What are Minerals?
What are Minerals?
This means they are formed in nature. Humans have developed technology to make minerals synthetically in a laboratory. These man-made “minerals” are not actually minerals. For example, cubic zirconium is not a mineral because it is only made in a laboratory. Halite and quartz are both minerals that can be made in a laboratory but also found in nature.
Minerals must be solid in a natural state. In some instances, liquid or gases may eventually form into minerals, but they are not considered minerals until they are solid. The one exception to this rule is native mercury which crystallizes only at -39 degrees Celsius. This is because the International Mineralogical Association included it as mineral before the current rules were established.
Composed of elements
Minerals, like all matter, are made out of chemical elements. Elements are substances that are made up of only one kind of atom (remember the periodic table?). Elements have specific chemical and physical properties and cannot be broken down into other substances. Some minerals are made of only one type of element, for example gold, while other minerals are made of a combination of elements, such as quartz which is a combination of silicon and oxygen. Minerals are classified by their types based on their chemical composition and include:
- Silicates: the largest group of minerals, made of Silicon and Oxygen (SiO2). Quartz is a type of silicate.
- Native Elements: elements that have a distinct crystalline structure but are not combined with any other elements. These include copper, gold, silver, etc.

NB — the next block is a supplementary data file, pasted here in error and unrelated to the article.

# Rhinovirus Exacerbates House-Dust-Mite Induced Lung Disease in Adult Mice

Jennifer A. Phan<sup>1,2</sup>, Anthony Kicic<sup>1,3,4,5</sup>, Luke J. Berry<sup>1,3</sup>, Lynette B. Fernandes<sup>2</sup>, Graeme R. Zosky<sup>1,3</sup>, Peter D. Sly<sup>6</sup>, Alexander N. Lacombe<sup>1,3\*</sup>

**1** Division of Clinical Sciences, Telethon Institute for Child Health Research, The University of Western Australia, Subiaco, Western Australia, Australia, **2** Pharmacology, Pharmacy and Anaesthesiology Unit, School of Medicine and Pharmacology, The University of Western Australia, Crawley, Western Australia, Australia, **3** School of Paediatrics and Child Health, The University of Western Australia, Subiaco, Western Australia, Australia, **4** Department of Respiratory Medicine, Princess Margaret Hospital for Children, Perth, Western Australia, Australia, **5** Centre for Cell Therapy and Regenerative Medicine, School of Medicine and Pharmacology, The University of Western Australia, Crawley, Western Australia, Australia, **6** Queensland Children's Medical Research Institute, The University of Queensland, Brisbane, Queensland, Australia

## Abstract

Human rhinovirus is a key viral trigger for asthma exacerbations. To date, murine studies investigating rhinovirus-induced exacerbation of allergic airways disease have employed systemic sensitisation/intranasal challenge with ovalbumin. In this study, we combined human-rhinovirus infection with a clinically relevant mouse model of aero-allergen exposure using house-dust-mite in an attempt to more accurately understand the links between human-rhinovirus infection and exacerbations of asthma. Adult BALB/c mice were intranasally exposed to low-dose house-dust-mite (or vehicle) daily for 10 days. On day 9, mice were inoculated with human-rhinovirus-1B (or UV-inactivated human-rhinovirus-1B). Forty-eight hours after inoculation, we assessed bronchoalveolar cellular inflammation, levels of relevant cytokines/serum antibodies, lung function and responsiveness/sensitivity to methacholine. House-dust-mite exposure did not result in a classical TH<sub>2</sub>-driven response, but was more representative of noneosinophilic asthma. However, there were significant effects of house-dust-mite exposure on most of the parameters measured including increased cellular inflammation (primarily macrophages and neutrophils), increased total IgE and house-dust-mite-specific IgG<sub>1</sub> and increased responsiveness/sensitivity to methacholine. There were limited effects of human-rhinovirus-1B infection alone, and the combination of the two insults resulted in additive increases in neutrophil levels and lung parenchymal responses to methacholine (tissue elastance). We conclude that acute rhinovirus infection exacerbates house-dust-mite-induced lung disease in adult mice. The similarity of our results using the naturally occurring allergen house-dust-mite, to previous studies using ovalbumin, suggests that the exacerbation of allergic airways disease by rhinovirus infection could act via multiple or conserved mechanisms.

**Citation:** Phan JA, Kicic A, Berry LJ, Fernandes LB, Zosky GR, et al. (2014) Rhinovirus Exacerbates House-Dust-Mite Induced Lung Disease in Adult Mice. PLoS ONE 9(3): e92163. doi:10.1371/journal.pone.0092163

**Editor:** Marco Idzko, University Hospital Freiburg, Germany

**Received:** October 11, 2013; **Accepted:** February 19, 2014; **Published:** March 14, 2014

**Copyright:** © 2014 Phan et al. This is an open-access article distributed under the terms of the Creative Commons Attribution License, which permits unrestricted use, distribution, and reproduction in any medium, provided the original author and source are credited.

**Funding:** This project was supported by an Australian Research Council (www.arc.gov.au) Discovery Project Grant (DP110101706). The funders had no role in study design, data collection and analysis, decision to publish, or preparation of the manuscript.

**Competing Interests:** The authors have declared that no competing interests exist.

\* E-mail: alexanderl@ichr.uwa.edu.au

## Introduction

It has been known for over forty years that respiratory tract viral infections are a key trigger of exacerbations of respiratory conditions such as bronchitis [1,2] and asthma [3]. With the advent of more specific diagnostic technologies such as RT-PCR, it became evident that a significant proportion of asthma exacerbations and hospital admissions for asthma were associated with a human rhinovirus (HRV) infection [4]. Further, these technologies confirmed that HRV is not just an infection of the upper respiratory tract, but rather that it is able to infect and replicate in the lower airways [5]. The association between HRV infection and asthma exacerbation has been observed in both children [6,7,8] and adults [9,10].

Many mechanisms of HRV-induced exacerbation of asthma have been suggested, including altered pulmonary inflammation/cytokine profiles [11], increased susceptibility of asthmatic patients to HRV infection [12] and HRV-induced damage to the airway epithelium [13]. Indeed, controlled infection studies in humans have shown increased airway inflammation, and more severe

- Sulfides: minerals made with sulphur (S2) combined with other elements (excluding oxygen). These minerals are commonly found with metal ores and include galena and pyrite.
- Sulfates: minerals made with Sulphur and Oxygen (SO4). These minerals are commonly found in evaporate conditions (deserts) and include gypsum, common in building materials.
- Oxides: minerals with at least one oxygen atom combined with another atom (not oxygen). Oxides are most common in the Earth’s crust and are typical in metal-bearing minerals (magnetite and hematite).
- Carbonates: minerals made with carbon and oxygen (CO3). Carbonates are inorganic, but can be found within living organisms. These minerals are the main components of carbonate rocks, such as limestone and dolomite.
- Halides: minerals with a dominant halide element (fluorine, chlorine, bromine, and iodine – F, Cl, Br, and I).
A crystalline structure is an ordered, repeated way in which atoms are arranged. This allows a mineral to grow in specific patterns. Crystal structure is the reason minerals will show specific physical properties such as cleavage (how minerals break) and symmetry, making them easier to be identified. Although minerals may differ in other ways, there are only 7 crystal families that a mineral can form: isometric, tetragonal, orthorhombic, monoclinic, triclinic, hexagonal, and trigonal.
Some minerals are considered polymorphs, which means they may have the same chemical composition as another mineral, but form in a completely different way. A good example of this is carbon and diamonds. Both of these minerals are made from carbon, but they form in very different ways. Graphite, the “lead” used in pencils, is very soft and breaks easily, whereas diamonds are the hardest natural mineral. This is a result of the carbon atoms bonding or connecting to each other in different ways.
In chemistry, organic refers to chemical compositions, or compounds, that contain carbon that is bonded to hydrogen and found in living things. This includes proteins, carbohydrates (sugars), lipids (fats), and nucleic acids (DNA and RNA). These are complex molecules and are found exclusively in living organisms. These compounds are typically quite large and complex.
Inorganic compounds are typically smaller molecules with a much simpler chemical structure. A general rule is that inorganic compounds do not contain carbons. However, there are some carbon-based minerals that are inorganic including carbides, carbonates, and cyanides.